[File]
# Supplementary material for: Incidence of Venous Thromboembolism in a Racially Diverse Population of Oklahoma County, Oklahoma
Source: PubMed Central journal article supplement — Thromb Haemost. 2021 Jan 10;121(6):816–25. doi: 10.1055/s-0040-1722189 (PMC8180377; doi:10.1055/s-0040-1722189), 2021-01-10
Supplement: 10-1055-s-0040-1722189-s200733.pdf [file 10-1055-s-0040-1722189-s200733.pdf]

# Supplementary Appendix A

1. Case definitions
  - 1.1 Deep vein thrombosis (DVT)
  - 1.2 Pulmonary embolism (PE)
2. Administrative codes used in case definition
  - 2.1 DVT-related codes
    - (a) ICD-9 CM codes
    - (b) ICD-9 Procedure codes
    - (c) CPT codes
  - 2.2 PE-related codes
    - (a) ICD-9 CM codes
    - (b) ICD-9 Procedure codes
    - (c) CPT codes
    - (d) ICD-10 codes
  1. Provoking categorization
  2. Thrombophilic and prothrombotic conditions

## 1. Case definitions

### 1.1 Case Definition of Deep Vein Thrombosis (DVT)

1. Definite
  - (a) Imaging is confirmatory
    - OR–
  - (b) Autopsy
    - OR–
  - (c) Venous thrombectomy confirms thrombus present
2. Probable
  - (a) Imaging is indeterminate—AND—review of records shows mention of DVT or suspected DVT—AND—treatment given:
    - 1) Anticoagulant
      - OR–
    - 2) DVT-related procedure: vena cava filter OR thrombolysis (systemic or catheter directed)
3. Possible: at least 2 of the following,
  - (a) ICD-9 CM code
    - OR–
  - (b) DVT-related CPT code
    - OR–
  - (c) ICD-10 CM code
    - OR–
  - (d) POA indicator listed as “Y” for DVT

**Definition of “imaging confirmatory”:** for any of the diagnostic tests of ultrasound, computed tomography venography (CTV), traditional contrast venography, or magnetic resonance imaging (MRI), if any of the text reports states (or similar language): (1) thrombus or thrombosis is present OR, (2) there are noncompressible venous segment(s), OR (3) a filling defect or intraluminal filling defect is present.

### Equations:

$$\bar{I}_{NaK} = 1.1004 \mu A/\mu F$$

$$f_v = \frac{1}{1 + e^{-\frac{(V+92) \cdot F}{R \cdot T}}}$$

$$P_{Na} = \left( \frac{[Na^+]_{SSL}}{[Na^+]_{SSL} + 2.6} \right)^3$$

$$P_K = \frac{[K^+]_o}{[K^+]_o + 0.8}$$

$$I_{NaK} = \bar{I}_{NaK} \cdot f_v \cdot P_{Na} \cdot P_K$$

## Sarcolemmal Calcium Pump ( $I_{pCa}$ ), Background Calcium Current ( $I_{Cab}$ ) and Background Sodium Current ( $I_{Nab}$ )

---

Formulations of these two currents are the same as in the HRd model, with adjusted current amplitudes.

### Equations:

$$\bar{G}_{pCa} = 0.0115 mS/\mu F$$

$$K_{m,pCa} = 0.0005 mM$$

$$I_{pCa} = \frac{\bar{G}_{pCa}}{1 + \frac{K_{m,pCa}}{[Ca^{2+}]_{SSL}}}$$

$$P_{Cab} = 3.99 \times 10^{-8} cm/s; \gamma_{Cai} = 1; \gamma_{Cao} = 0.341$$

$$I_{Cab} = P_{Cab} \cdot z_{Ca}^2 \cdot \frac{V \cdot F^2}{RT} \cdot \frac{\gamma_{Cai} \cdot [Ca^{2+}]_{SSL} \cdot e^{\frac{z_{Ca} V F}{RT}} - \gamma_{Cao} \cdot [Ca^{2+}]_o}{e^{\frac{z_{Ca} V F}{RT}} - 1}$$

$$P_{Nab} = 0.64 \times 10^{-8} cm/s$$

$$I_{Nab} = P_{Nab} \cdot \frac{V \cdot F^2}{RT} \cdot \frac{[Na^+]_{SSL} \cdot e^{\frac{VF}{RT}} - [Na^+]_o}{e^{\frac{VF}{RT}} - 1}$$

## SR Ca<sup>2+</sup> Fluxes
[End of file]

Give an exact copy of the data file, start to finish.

# Supplementary material for: Incidence of Venous Thromboembolism in a Racially Diverse Population of Oklahoma County, Oklahoma
Source: PubMed Central journal article supplement — Thromb Haemost. 2021 Jan 10;121(6):816–25. doi: 10.1055/s-0040-1722189 (PMC8180377; doi:10.1055/s-0040-1722189), 2021-01-10
Supplement: 10-1055-s-0040-1722189-s200733.pdf [file 10-1055-s-0040-1722189-s200733.pdf]

# Supplementary Appendix A

1. Case definitions
  - 1.1 Deep vein thrombosis (DVT)
  - 1.2 Pulmonary embolism (PE)
2. Administrative codes used in case definition
  - 2.1 DVT-related codes
    - (a) ICD-9 CM codes
    - (b) ICD-9 Procedure codes
    - (c) CPT codes
  - 2.2 PE-related codes
    - (a) ICD-9 CM codes
    - (b) ICD-9 Procedure codes
    - (c) CPT codes
    - (d) ICD-10 codes
  1. Provoking categorization
  2. Thrombophilic and prothrombotic conditions

## 1. Case definitions

### 1.1 Case Definition of Deep Vein Thrombosis (DVT)

1. Definite
  - (a) Imaging is confirmatory
    - OR–
  - (b) Autopsy
    - OR–
  - (c) Venous thrombectomy confirms thrombus present
2. Probable
  - (a) Imaging is indeterminate—AND—review of records shows mention of DVT or suspected DVT—AND—treatment given:
    - 1) Anticoagulant
      - OR–
    - 2) DVT-related procedure: vena cava filter OR thrombolysis (systemic or catheter directed)
3. Possible: at least 2 of the following,
  - (a) ICD-9 CM code
    - OR–
  - (b) DVT-related CPT code
    - OR–
  - (c) ICD-10 CM code
    - OR–
  - (d) POA indicator listed as “Y” for DVT

**Definition of “imaging confirmatory”:** for any of the diagnostic tests of ultrasound, computed tomography venography (CTV), traditional contrast venography, or magnetic resonance imaging (MRI), if any of the text reports states (or similar language): (1) thrombus or thrombosis is present OR, (2) there are noncompressible venous segment(s), OR (3) a filling defect or intraluminal filling defect is present.

### Equations:

$$\bar{I}_{NaK} = 1.1004 \mu A/\mu F$$

$$f_v = \frac{1}{1 + e^{-\frac{(V+92) \cdot F}{R \cdot T}}}$$

$$P_{Na} = \left( \frac{[Na^+]_{SSL}}{[Na^+]_{SSL} + 2.6} \right)^3$$

$$P_K = \frac{[K^+]_o}{[K^+]_o + 0.8}$$

$$I_{NaK} = \bar{I}_{NaK} \cdot f_v \cdot P_{Na} \cdot P_K$$

## Sarcolemmal Calcium Pump ( $I_{pCa}$ ), Background Calcium Current ( $I_{Cab}$ ) and Background Sodium Current ( $I_{Nab}$ )

---

Formulations of these two currents are the same as in the HRd model, with adjusted current amplitudes.

### Equations:

$$\bar{G}_{pCa} = 0.0115 mS/\mu F$$

$$K_{m,pCa} = 0.0005 mM$$

$$I_{pCa} = \frac{\bar{G}_{pCa}}{1 + \frac{K_{m,pCa}}{[Ca^{2+}]_{SSL}}}$$

$$P_{Cab} = 3.99 \times 10^{-8} cm/s; \gamma_{Cai} = 1; \gamma_{Cao} = 0.341$$

$$I_{Cab} = P_{Cab} \cdot z_{Ca}^2 \cdot \frac{V \cdot F^2}{RT} \cdot \frac{\gamma_{Cai} \cdot [Ca^{2+}]_{SSL} \cdot e^{\frac{z_{Ca} V F}{RT}} - \gamma_{Cao} \cdot [Ca^{2+}]_o}{e^{\frac{z_{Ca} V F}{RT}} - 1}$$

$$P_{Nab} = 0.64 \times 10^{-8} cm/s$$

$$I_{Nab} = P_{Nab} \cdot \frac{V \cdot F^2}{RT} \cdot \frac{[Na^+]_{SSL} \cdot e^{\frac{VF}{RT}} - [Na^+]_o}{e^{\frac{VF}{RT}} - 1}$$

## SR Ca<sup>2+</sup> Fluxes